sooner forfeit his hand than sign.” When I merce, and to transmit it to England. This was know that the Earl of Halifax says so, the Earl in November 1764; and he left Petersburgh the of Halifax shall have an answer; but I persuade January following, before he could even receive myself that his Lordship has given no authority an answer from his own court. The conclusion for this ridiculous rant. In the mean time, I shall of the treaty fell to his successor. Whoever will only speak of it as a common concern of that be at the trouble to compare it with the treaty of ministry.
1734, will, I believe, confess, that, if the former In the first place, then, I observe, that a con- ministers could have obtained such terms, they vention, for the liquidation of the Canada bills, were criminal in not accepting them. was concluded under the administration of 1766 ; But the merchants “ deemed them unsafe and
“ see great reasons to be thankful, for having been supported by † " They are happy in having found in your zeal for the dig. "a minister, in whose publiek affections, in whose wisdom and “nity of this nation, the means of liquidating their claims, and "activity, both the national honour, and the interest of indi. " of concluding wito the court of France a convention for the final “ viduals, bave been at once so well supported and secured," “satisfaction of their demands; and have given us commission, Thanks of the Canada Merchants to General Conway, London, " in their names, and on their behalf, most earnestly to entreat April 28, 1766. " your acceptance of their grateful acknowledgments. Whether See the Convention itself, printed by Owen and Harrison, " they consider themselves as Britons, or as men more particu. Warwick-lane, 1766 ; particularly the articles two and thirteen. "Jarly profiting by your generous and spirited interposition, they S P. 23
“unprofitable.” What merchants ? As no treaty | power, I have great reason to believe it is very ever was more maturely considered, so the opinion much from the heart. It must be owned too that of the Russia merchants in London was all along after he has drawn such a picture, such a shocking taken ; and all the instructions sent over were in picture, of the state of this country, he has great exact conformity to that opinion. Our minister faith in thinking the means he prays for sufficient there made no step without having previously to relieve us : after the character lie has given of consulted our merchants resident in Petersburgh, its inhabitants of all ranks and classes, he has who, before the signing of the treaty, gave the great charity in caring much about them; and most full and unanimous testimony in its favour. indeed no less hope, in being of opinion, that In their address to our minister at that court, such a detestable nation can ever become the among other things they say, “ It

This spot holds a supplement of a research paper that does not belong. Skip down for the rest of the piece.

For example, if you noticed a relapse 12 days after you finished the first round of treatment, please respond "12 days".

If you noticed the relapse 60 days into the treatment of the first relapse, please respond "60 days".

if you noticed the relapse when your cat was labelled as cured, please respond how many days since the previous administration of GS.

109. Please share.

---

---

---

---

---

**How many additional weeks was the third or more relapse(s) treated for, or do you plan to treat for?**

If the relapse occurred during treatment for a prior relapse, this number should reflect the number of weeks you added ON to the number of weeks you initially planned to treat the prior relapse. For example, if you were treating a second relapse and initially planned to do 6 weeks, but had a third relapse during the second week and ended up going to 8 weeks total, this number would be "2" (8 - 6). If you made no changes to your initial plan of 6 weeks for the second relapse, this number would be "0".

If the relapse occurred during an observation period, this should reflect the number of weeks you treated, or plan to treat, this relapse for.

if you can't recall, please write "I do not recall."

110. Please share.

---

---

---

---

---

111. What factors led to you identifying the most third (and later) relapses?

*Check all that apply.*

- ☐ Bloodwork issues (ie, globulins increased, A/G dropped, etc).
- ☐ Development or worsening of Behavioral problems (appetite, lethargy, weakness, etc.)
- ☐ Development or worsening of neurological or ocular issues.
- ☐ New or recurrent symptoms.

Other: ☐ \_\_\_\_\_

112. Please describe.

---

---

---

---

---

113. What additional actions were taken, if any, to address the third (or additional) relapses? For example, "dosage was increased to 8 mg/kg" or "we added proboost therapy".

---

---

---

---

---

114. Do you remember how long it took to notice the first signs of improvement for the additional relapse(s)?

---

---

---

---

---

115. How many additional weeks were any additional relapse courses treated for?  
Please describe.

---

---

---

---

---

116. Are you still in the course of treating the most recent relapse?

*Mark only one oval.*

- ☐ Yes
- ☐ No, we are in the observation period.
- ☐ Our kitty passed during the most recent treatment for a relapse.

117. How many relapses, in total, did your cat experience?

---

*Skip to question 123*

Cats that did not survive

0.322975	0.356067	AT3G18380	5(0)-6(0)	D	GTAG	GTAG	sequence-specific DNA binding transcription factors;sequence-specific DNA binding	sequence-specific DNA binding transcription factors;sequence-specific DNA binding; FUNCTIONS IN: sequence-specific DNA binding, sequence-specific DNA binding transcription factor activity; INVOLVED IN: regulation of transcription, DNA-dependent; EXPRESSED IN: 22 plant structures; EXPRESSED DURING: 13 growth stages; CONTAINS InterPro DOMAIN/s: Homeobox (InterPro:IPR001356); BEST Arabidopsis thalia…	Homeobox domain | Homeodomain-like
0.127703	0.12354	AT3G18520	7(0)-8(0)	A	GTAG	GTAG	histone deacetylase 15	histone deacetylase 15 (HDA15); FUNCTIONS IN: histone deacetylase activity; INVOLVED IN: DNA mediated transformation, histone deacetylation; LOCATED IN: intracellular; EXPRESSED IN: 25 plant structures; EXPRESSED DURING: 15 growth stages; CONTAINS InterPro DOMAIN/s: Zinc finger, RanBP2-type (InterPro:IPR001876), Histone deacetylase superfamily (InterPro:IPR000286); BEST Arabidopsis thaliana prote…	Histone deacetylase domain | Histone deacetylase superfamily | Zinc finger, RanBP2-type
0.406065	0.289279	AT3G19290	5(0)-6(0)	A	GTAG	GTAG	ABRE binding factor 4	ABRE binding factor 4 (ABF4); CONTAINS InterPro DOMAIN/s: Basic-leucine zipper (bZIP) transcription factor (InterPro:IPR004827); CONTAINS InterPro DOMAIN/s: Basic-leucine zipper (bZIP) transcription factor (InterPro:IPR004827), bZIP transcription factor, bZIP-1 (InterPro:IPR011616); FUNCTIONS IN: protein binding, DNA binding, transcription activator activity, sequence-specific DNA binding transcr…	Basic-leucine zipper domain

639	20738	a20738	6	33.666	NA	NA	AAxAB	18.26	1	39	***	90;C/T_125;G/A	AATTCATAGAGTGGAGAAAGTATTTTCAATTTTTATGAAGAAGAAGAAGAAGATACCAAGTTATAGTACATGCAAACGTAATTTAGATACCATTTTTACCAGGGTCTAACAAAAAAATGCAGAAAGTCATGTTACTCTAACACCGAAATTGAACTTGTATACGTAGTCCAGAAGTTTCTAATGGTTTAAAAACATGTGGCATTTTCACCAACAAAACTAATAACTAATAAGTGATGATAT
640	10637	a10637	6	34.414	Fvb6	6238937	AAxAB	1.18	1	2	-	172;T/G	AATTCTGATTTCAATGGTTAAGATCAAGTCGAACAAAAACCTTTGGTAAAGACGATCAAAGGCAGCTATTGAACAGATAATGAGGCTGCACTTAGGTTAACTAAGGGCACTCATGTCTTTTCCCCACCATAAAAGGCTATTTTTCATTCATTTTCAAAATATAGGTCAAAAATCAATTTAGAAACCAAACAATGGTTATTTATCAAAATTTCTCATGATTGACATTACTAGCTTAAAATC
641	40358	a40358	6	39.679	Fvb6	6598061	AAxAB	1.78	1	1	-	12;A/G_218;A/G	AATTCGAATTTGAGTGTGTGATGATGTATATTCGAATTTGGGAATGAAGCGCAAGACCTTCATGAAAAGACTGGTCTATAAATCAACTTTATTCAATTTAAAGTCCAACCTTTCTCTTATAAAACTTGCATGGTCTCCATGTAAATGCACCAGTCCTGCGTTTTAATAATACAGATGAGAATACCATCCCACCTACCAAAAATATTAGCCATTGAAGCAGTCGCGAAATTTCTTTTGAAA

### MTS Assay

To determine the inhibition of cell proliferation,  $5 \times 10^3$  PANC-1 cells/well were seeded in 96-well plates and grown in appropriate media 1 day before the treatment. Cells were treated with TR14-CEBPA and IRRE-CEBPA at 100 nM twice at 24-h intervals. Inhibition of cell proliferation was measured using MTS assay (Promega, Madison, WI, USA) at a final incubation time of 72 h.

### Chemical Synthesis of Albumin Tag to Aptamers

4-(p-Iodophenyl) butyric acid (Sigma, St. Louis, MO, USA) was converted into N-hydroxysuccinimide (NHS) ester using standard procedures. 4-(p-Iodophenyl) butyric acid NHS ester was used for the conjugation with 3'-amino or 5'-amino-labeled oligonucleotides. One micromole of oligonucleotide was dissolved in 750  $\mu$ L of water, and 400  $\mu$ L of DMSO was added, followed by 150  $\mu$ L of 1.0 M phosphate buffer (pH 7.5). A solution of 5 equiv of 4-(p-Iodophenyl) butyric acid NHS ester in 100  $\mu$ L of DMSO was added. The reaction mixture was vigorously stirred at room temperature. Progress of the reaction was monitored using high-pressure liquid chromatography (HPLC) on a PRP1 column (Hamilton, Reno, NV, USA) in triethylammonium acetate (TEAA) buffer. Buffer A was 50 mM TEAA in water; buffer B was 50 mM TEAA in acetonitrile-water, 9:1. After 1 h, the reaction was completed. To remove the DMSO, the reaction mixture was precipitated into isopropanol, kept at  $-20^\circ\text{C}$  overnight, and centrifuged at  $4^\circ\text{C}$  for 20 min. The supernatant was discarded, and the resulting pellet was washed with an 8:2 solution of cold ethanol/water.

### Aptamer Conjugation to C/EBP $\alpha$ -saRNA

care of Providence. He has not even found five " additional satisfaction to your excellency, to good men in our devoted city. " receive a publick acknowledgment of the entire "He talks indeed of men of virtue and ability. " and unreserved approbation of every article in But where are his men of virtue and ability to be " this treaty, from us who are so immediately and found ? Are they in the present administration ?
so nearly concerned in its consequences.” This Never were a set of people more blackened by this was signed by the consul-general, and every Bri- author. Are they among the party of those (no tish merchant in Petersburgh.
small body) who adhere to the system of 1766 ? The approbation of those immediately concern- These, it is the great purpose of this book to ed in the consequences is nothing to this author. calumniate. Are they the persons who acted He and his friends have so much tenderness for with his great friend, since the change in 1762, people's interests, and understand them so much to his removal in 1765 ? Scarcely any of these better than they do themselves, that, whilst these are now out of employment; and we are in pospoliticians are contending for the best of possible session of his desideratum. Yet I think he hardly terms, the claimants are obliged to go without any means to select, even some of the highest of them, terms at all.